The idea of an inclusive regional Schengen and cooperation among the six Western Balkan countries, based on the four freedoms of the European Union, is not a replacement but the best way to prepare for EU accession, writes Edi Rama.
Edi Rama, the prime minister of Albania, submitted this op-ed exclusively to EURACTIV.
Next Monday (17 February), the European Commission will host the international donors’ conference for Albania to help with reconstruction after the November earthquake that has caused so much pain in our country.
After a swift response to our big needs for assistance in the aftermath of the natural disaster, the EU is again, generously, stepping forward. This is more than giving a helping hand to a country in need, a country that, faced with an enormous task, will nonetheless find the strength and determination to rise above this challenge.
We have done it in the past and we will do it in the future. Moreover, this is not only about reconstruction and rebuilding, although we need to move quickly by ensuring that people get the support they need and that the final number of 17.000 temporary displaced Albanians can return as soon as possible to a safe home.
The gist of the story is about the unbreakable connection between the EU and Albania, one that justifies any effort to make it stronger and to advance our plans for integration.
Some have described last year’s decision of the EU to postpone the opening of the accession negotiations with Albania and North Macedonia as an end of an era and advised us to plan our reform plans beyond the mantra of integration and enlargement.
Others have jumped into portraying the lack of agreement between the EU member states as a historical mistake, one that opens the door to fierce great – and middle – power competition in Western Balkans.
For some, it is easy to mistake a bump in the road for an earthquake, but we, Albanians, having only recently gone through this shattering experience, can make the difference. If we are to stay true to our democratic values and quest for inclusive and shared prosperity, there is no alternative for Albania.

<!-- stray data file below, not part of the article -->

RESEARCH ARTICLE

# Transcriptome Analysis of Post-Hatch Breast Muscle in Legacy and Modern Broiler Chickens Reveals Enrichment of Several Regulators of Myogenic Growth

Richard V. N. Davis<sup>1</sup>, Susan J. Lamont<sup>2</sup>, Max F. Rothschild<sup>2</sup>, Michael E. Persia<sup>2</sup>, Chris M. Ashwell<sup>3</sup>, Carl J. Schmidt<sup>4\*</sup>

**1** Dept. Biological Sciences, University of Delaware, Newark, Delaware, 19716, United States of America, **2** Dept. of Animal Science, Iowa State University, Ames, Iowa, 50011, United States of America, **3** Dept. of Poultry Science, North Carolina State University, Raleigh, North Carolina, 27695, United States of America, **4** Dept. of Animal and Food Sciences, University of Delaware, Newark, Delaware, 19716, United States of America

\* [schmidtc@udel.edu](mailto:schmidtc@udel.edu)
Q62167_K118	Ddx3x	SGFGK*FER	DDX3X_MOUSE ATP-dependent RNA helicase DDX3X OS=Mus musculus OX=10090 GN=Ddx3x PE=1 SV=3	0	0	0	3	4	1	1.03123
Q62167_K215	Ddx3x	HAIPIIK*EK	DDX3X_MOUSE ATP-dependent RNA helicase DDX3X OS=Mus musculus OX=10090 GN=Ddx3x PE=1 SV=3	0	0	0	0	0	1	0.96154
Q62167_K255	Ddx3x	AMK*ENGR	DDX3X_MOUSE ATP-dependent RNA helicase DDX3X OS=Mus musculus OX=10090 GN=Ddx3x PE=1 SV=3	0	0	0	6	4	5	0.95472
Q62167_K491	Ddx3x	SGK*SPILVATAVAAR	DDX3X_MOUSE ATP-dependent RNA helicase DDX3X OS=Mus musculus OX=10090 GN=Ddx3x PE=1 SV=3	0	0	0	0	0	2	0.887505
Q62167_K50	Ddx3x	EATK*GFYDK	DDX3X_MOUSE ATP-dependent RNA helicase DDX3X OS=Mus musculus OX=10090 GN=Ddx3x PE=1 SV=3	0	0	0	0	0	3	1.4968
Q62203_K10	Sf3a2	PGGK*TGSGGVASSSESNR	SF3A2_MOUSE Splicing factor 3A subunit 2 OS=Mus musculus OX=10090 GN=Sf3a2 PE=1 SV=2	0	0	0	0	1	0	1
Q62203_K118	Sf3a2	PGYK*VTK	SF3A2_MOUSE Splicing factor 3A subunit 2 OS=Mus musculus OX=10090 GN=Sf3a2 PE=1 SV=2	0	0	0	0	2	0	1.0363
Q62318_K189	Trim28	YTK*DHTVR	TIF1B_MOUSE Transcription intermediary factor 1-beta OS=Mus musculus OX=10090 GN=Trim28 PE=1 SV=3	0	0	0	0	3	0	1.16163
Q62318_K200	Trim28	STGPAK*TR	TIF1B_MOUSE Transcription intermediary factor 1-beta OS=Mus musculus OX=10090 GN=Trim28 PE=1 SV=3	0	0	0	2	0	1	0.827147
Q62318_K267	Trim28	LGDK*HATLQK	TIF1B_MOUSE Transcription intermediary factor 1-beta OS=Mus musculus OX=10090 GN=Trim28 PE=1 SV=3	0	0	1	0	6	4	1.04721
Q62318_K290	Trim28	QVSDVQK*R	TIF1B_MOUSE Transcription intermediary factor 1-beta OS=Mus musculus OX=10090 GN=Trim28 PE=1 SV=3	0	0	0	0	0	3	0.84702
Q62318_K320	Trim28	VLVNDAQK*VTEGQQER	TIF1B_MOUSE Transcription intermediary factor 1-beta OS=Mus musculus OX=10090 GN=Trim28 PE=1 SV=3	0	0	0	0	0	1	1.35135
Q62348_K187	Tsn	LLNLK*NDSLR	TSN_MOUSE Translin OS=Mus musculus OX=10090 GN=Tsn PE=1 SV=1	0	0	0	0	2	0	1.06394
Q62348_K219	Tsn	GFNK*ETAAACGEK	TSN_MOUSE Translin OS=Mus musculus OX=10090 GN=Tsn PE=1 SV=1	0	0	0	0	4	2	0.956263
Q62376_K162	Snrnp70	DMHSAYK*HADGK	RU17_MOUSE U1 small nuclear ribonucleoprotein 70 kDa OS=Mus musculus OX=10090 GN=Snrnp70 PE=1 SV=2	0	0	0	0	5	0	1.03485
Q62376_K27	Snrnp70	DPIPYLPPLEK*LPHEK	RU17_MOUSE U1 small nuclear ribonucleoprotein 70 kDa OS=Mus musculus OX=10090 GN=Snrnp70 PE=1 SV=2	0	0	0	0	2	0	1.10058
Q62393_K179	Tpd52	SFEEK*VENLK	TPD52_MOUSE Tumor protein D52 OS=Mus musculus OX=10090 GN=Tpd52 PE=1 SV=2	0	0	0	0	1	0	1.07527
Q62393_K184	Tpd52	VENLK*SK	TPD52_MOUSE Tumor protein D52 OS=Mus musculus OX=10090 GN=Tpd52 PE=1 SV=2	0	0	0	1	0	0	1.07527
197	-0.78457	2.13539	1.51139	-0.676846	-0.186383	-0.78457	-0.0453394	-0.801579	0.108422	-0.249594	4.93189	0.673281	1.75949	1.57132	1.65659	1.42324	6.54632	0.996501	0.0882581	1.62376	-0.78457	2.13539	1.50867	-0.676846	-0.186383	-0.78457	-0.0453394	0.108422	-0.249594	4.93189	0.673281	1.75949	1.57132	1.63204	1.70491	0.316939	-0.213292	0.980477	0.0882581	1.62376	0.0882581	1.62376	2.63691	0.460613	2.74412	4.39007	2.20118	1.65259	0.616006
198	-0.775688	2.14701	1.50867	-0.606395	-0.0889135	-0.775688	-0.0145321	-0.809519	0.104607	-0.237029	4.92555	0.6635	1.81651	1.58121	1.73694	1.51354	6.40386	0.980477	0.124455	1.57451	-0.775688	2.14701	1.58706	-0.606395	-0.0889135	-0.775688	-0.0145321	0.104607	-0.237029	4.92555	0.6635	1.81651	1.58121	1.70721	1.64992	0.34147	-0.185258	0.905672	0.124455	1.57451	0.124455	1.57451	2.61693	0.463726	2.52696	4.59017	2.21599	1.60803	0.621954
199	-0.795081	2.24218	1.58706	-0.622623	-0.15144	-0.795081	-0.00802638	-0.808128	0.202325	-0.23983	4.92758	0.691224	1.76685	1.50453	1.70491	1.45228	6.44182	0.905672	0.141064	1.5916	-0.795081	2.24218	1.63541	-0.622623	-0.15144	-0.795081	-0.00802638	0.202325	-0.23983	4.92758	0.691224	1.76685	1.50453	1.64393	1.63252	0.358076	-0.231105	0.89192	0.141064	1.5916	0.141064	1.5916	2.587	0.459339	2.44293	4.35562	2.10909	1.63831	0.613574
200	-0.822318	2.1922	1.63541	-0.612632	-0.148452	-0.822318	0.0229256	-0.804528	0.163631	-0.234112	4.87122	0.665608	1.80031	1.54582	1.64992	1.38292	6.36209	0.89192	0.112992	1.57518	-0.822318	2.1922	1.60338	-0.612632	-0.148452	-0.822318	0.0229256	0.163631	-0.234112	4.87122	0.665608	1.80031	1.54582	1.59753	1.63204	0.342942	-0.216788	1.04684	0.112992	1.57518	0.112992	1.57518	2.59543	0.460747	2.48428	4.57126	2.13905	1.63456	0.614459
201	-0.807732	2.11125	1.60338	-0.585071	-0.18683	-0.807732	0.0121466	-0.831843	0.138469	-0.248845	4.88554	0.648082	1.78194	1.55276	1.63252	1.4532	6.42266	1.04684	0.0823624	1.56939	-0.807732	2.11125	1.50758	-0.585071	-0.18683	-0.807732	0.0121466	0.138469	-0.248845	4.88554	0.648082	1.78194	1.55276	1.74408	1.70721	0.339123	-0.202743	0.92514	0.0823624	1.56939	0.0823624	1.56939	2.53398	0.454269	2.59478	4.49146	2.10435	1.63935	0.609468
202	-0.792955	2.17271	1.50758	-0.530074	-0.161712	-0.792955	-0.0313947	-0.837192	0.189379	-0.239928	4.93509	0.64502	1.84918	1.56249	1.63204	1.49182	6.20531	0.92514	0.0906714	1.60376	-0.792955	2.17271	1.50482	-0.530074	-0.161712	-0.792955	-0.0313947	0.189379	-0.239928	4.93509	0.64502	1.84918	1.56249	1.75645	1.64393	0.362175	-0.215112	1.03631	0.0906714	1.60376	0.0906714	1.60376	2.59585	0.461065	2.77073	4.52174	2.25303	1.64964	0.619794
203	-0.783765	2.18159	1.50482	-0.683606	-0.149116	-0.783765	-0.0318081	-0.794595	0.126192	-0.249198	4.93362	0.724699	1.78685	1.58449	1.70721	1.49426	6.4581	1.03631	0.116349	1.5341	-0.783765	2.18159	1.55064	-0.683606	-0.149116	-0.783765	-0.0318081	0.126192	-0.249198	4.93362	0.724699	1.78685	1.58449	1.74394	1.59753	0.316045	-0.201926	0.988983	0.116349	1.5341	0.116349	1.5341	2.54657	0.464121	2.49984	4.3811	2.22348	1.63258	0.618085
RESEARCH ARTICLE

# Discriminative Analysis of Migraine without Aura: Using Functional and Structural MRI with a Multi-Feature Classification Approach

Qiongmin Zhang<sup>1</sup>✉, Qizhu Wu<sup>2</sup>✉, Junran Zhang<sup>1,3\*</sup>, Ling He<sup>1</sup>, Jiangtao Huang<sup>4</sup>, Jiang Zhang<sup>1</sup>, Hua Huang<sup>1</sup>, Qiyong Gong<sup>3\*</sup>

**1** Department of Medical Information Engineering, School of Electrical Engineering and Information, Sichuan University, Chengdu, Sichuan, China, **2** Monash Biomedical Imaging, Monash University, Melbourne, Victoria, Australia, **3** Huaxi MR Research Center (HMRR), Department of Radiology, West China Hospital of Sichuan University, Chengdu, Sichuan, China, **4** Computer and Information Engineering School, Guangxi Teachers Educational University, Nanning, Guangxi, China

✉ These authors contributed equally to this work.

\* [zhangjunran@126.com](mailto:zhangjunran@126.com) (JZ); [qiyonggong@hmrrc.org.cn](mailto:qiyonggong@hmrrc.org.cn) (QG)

We have to do our job, advance reforms and convince our European partners that we have all it takes to start accession talks now and be future members of the club.
I share the assessment of our European friends that the enlargement procedure needs an overhaul and I welcome the proposal put forward last week by the European Commission for a more credible and predictable accession process.
My hope is that the member states will be able to coalesce around this well-designed plan and we will have to structure our cooperation around these new benchmarks. I especially welcome the idea of progressively rewarding success and of giving the candidate countries the opportunity to engage more thoroughly with the EU on issues on which they are closer to the common standards.
A gradual process, with clear feedback and with politics playing a more prominent role, prevents unpleasant surprises and gives us the predictability we need.
Our government will continue to work closely with the EU partners and address all their concerns, starting with the ones related to the quality of democracy and rule of law.
The recent special police operation against illegal assets of those convicted or indicted for organized crime and serious crimes in the last three decades, is only the beginning of the toughest fight yet against organized crime and corruption, something that is possible today after the successful justice reform and vetting of judges and prosecutors.
At times, Albanian politics can become nasty and the bickering can affect our international credibility, but I am sure that – in a society where EU’s support is above 90% and there is no anti-European political party – we have the resources to move on incessantly towards the greater objective that is European integration.
It will not be easy and it will require the transformation of our economic, social, and political systems, as has been already the case with the post-Communist countries that have joined the EU starting 2004. But, as we are reminded very often by great women and men, where there is a will there is a way.
The EU needs not only stability in the Western Balkans, but also reconciliation. The idea of an inclusive Regional Schengen and cooperation among our six countries based on the four freedoms of the European Union (the free movement of goods, capital, services, and labour) is not a Plan B, a consolation prize to show to a disappointed public that we can deliver.
We all share the goal of European integration and the best way to move forward is to actively prepare for it by opening our economies and borders in a way directly inspired by the essential principles behind the European project.
A better-connected region of Western Balkans will faster and more successfully integrate into the EU. As I am preparing for our conference next week, I remain hopeful that this year will bring about a breakthrough for Albania in its European pursuits.
Nevertheless, we are stubbornly confident that there is nothing to prevent us from joining in due time the great family of European democracies, and our people’s gain will also be EU’s.